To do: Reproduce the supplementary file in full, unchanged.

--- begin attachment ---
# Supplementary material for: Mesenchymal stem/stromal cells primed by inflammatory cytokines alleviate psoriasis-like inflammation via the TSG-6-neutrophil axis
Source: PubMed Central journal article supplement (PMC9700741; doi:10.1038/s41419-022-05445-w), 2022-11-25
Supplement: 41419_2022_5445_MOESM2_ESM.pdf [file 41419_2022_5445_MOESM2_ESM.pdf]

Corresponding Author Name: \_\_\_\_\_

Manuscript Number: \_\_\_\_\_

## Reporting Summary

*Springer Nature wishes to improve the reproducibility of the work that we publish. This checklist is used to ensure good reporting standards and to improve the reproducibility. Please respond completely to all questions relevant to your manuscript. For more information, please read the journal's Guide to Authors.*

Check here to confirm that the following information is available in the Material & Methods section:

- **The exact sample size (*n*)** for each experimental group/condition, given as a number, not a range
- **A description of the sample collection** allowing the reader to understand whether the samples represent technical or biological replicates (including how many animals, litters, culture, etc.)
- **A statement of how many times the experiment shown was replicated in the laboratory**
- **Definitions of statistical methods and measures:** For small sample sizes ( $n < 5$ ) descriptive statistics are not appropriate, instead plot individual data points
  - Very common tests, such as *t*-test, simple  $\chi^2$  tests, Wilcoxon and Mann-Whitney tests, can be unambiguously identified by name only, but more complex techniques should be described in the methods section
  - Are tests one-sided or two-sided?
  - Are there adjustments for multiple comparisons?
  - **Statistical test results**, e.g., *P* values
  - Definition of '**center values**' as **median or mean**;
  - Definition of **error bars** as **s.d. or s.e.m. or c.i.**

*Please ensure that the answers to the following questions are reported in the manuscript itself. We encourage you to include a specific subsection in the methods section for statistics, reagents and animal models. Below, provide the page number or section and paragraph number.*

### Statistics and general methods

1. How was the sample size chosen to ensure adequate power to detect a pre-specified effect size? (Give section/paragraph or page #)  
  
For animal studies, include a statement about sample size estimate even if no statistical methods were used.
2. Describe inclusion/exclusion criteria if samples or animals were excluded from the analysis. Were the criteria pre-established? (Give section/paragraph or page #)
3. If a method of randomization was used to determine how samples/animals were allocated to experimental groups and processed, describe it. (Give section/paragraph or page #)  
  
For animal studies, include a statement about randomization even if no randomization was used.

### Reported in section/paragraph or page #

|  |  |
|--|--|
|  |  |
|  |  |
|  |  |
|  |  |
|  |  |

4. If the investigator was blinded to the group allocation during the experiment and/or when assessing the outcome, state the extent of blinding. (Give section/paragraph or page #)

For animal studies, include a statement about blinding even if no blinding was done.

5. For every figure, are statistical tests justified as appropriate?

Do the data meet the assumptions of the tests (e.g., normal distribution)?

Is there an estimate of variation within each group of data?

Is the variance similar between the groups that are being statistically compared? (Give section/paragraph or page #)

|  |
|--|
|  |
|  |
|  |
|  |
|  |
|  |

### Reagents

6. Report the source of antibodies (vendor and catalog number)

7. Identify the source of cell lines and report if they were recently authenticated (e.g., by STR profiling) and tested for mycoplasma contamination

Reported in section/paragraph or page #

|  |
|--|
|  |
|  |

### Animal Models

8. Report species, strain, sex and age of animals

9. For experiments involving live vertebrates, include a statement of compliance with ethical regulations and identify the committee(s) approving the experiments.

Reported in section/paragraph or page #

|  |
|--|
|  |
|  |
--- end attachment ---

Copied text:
# Supplementary material for: Mesenchymal stem/stromal cells primed by inflammatory cytokines alleviate psoriasis-like inflammation via the TSG-6-neutrophil axis
Source: PubMed Central journal article supplement (PMC9700741; doi:10.1038/s41419-022-05445-w), 2022-11-25
Supplement: 41419_2022_5445_MOESM2_ESM.pdf [file 41419_2022_5445_MOESM2_ESM.pdf]

Corresponding Author Name: \_\_\_\_\_

Manuscript Number: \_\_\_\_\_

## Reporting Summary

*Springer Nature wishes to improve the reproducibility of the work that we publish. This checklist is used to ensure good reporting standards and to improve the reproducibility. Please respond completely to all questions relevant to your manuscript. For more information, please read the journal's Guide to Authors.*

Check here to confirm that the following information is available in the Material & Methods section:

- **The exact sample size (*n*)** for each experimental group/condition, given as a number, not a range
- **A description of the sample collection** allowing the reader to understand whether the samples represent technical or biological replicates (including how many animals, litters, culture, etc.)
- **A statement of how many times the experiment shown was replicated in the laboratory**
- **Definitions of statistical methods and measures:** For small sample sizes ( $n < 5$ ) descriptive statistics are not appropriate, instead plot individual data points
  - Very common tests, such as *t*-test, simple  $\chi^2$  tests, Wilcoxon and Mann-Whitney tests, can be unambiguously identified by name only, but more complex techniques should be described in the methods section
  - Are tests one-sided or two-sided?
  - Are there adjustments for multiple comparisons?
  - **Statistical test results**, e.g., *P* values
  - Definition of '**center values**' as **median or mean**;
  - Definition of **error bars** as **s.d. or s.e.m. or c.i.**

*Please ensure that the answers to the following questions are reported in the manuscript itself. We encourage you to include a specific subsection in the methods section for statistics, reagents and animal models. Below, provide the page number or section and paragraph number.*

### Statistics and general methods

1. How was the sample size chosen to ensure adequate power to detect a pre-specified effect size? (Give section/paragraph or page #)  
  
For animal studies, include a statement about sample size estimate even if no statistical methods were used.
2. Describe inclusion/exclusion criteria if samples or animals were excluded from the analysis. Were the criteria pre-established? (Give section/paragraph or page #)
3. If a method of randomization was used to determine how samples/animals were allocated to experimental groups and processed, describe it. (Give section/paragraph or page #)  
  
For animal studies, include a statement about randomization even if no randomization was used.

### Reported in section/paragraph or page #

|  |  |
|--|--|
|  |  |
|  |  |
|  |  |
|  |  |
|  |  |

4. If the investigator was blinded to the group allocation during the experiment and/or when assessing the outcome, state the extent of blinding. (Give section/paragraph or page #)

For animal studies, include a statement about blinding even if no blinding was done.

5. For every figure, are statistical tests justified as appropriate?

Do the data meet the assumptions of the tests (e.g., normal distribution)?

Is there an estimate of variation within each group of data?

Is the variance similar between the groups that are being statistically compared? (Give section/paragraph or page #)

|  |
|--|
|  |
|  |
|  |
|  |
|  |
|  |

### Reagents

6. Report the source of antibodies (vendor and catalog number)

7. Identify the source of cell lines and report if they were recently authenticated (e.g., by STR profiling) and tested for mycoplasma contamination

Reported in section/paragraph or page #

|  |
|--|
|  |
|  |

### Animal Models

8. Report species, strain, sex and age of animals

9. For experiments involving live vertebrates, include a statement of compliance with ethical regulations and identify the committee(s) approving the experiments.

Reported in section/paragraph or page #

|  |
|--|
|  |
|  |